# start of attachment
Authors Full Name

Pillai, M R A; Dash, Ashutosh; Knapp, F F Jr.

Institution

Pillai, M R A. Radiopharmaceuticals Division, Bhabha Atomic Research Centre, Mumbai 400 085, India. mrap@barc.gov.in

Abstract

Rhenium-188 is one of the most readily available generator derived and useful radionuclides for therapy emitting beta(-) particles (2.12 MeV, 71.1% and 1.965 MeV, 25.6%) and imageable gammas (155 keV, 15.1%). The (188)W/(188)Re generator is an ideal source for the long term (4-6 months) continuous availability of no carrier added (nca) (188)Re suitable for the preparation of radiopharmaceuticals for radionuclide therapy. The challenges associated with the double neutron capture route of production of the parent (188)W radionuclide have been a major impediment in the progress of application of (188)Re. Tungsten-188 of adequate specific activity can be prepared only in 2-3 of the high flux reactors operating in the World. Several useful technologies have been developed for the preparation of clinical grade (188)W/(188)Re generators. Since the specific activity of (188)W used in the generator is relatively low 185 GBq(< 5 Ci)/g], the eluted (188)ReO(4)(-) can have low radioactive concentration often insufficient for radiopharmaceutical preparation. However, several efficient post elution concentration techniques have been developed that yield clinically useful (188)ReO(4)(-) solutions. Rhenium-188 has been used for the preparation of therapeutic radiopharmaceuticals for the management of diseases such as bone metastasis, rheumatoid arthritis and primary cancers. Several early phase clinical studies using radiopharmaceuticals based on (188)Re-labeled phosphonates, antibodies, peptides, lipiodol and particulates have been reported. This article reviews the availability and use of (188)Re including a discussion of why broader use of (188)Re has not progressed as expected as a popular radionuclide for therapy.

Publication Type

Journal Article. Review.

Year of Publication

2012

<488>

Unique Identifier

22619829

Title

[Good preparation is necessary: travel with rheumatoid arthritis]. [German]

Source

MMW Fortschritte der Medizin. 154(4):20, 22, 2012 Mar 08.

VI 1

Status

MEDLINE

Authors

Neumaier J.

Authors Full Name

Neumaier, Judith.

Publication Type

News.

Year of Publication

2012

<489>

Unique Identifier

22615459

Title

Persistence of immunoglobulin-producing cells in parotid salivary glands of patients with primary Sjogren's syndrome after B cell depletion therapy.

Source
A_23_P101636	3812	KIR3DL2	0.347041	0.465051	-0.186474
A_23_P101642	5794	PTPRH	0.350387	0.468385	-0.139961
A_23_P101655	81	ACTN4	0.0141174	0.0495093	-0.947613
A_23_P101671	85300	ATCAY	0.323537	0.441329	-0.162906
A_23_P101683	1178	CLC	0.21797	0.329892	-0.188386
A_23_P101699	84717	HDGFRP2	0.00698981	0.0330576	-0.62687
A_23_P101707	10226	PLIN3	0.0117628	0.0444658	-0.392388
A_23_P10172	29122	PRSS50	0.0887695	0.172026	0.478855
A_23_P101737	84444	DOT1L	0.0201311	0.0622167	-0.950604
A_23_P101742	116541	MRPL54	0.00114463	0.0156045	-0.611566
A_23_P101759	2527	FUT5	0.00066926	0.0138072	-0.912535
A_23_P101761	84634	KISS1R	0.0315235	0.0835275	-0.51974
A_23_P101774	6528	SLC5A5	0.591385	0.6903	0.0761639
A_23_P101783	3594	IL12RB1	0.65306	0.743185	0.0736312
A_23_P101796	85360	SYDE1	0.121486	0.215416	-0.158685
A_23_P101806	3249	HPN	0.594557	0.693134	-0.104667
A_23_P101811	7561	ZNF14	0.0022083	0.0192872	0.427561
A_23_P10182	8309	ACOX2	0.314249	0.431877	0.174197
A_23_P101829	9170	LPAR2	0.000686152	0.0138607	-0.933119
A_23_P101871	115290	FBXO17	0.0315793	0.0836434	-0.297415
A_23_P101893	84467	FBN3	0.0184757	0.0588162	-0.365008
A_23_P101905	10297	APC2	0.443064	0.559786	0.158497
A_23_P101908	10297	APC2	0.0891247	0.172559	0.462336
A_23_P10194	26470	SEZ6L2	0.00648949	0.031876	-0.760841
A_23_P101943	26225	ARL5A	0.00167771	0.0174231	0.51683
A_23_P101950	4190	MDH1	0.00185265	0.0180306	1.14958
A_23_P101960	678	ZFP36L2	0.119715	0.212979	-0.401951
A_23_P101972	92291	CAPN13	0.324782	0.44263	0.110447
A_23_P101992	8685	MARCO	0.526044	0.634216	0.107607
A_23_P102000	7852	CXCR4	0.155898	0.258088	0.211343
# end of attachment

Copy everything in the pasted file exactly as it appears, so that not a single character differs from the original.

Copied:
Authors Full Name

Pillai, M R A; Dash, Ashutosh; Knapp, F F Jr.

Institution

Pillai, M R A. Radiopharmaceuticals Division, Bhabha Atomic Research Centre, Mumbai 400 085, India. mrap@barc.gov.in

Abstract

Rhenium-188 is one of the most readily available generator derived and useful radionuclides for therapy emitting beta(-) particles (2.12 MeV, 71.1% and 1.965 MeV, 25.6%) and imageable gammas (155 keV, 15.1%). The (188)W/(188)Re generator is an ideal source for the long term (4-6 months) continuous availability of no carrier added (nca) (188)Re suitable for the preparation of radiopharmaceuticals for radionuclide therapy. The challenges associated with the double neutron capture route of production of the parent (188)W radionuclide have been a major impediment in the progress of application of (188)Re. Tungsten-188 of adequate specific activity can be prepared only in 2-3 of the high flux reactors operating in the World. Several useful technologies have been developed for the preparation of clinical grade (188)W/(188)Re generators. Since the specific activity of (188)W used in the generator is relatively low 185 GBq(< 5 Ci)/g], the eluted (188)ReO(4)(-) can have low radioactive concentration often insufficient for radiopharmaceutical preparation. However, several efficient post elution concentration techniques have been developed that yield clinically useful (188)ReO(4)(-) solutions. Rhenium-188 has been used for the preparation of therapeutic radiopharmaceuticals for the management of diseases such as bone metastasis, rheumatoid arthritis and primary cancers. Several early phase clinical studies using radiopharmaceuticals based on (188)Re-labeled phosphonates, antibodies, peptides, lipiodol and particulates have been reported. This article reviews the availability and use of (188)Re including a discussion of why broader use of (188)Re has not progressed as expected as a popular radionuclide for therapy.

Publication Type

Journal Article. Review.

Year of Publication

2012

<488>

Unique Identifier

22619829

Title

[Good preparation is necessary: travel with rheumatoid arthritis]. [German]

Source

MMW Fortschritte der Medizin. 154(4):20, 22, 2012 Mar 08.

VI 1

Status

MEDLINE

Authors

Neumaier J.

Authors Full Name

Neumaier, Judith.

Publication Type

News.

Year of Publication

2012

<489>

Unique Identifier

22615459

Title

Persistence of immunoglobulin-producing cells in parotid salivary glands of patients with primary Sjogren's syndrome after B cell depletion therapy.

Source
A_23_P101636	3812	KIR3DL2	0.347041	0.465051	-0.186474
A_23_P101642	5794	PTPRH	0.350387	0.468385	-0.139961
A_23_P101655	81	ACTN4	0.0141174	0.0495093	-0.947613
A_23_P101671	85300	ATCAY	0.323537	0.441329	-0.162906
A_23_P101683	1178	CLC	0.21797	0.329892	-0.188386
A_23_P101699	84717	HDGFRP2	0.00698981	0.0330576	-0.62687
A_23_P101707	10226	PLIN3	0.0117628	0.0444658	-0.392388
A_23_P10172	29122	PRSS50	0.0887695	0.172026	0.478855
A_23_P101737	84444	DOT1L	0.0201311	0.0622167	-0.950604
A_23_P101742	116541	MRPL54	0.00114463	0.0156045	-0.611566
A_23_P101759	2527	FUT5	0.00066926	0.0138072	-0.912535
A_23_P101761	84634	KISS1R	0.0315235	0.0835275	-0.51974
A_23_P101774	6528	SLC5A5	0.591385	0.6903	0.0761639
A_23_P101783	3594	IL12RB1	0.65306	0.743185	0.0736312
A_23_P101796	85360	SYDE1	0.121486	0.215416	-0.158685
A_23_P101806	3249	HPN	0.594557	0.693134	-0.104667
A_23_P101811	7561	ZNF14	0.0022083	0.0192872	0.427561
A_23_P10182	8309	ACOX2	0.314249	0.431877	0.174197
A_23_P101829	9170	LPAR2	0.000686152	0.0138607	-0.933119
A_23_P101871	115290	FBXO17	0.0315793	0.0836434	-0.297415
A_23_P101893	84467	FBN3	0.0184757	0.0588162	-0.365008
A_23_P101905	10297	APC2	0.443064	0.559786	0.158497
A_23_P101908	10297	APC2	0.0891247	0.172559	0.462336
A_23_P10194	26470	SEZ6L2	0.00648949	0.031876	-0.760841
A_23_P101943	26225	ARL5A	0.00167771	0.0174231	0.51683
A_23_P101950	4190	MDH1	0.00185265	0.0180306	1.14958
A_23_P101960	678	ZFP36L2	0.119715	0.212979	-0.401951
A_23_P101972	92291	CAPN13	0.324782	0.44263	0.110447
A_23_P101992	8685	MARCO	0.526044	0.634216	0.107607
A_23_P102000	7852	CXCR4	0.155898	0.258088	0.211343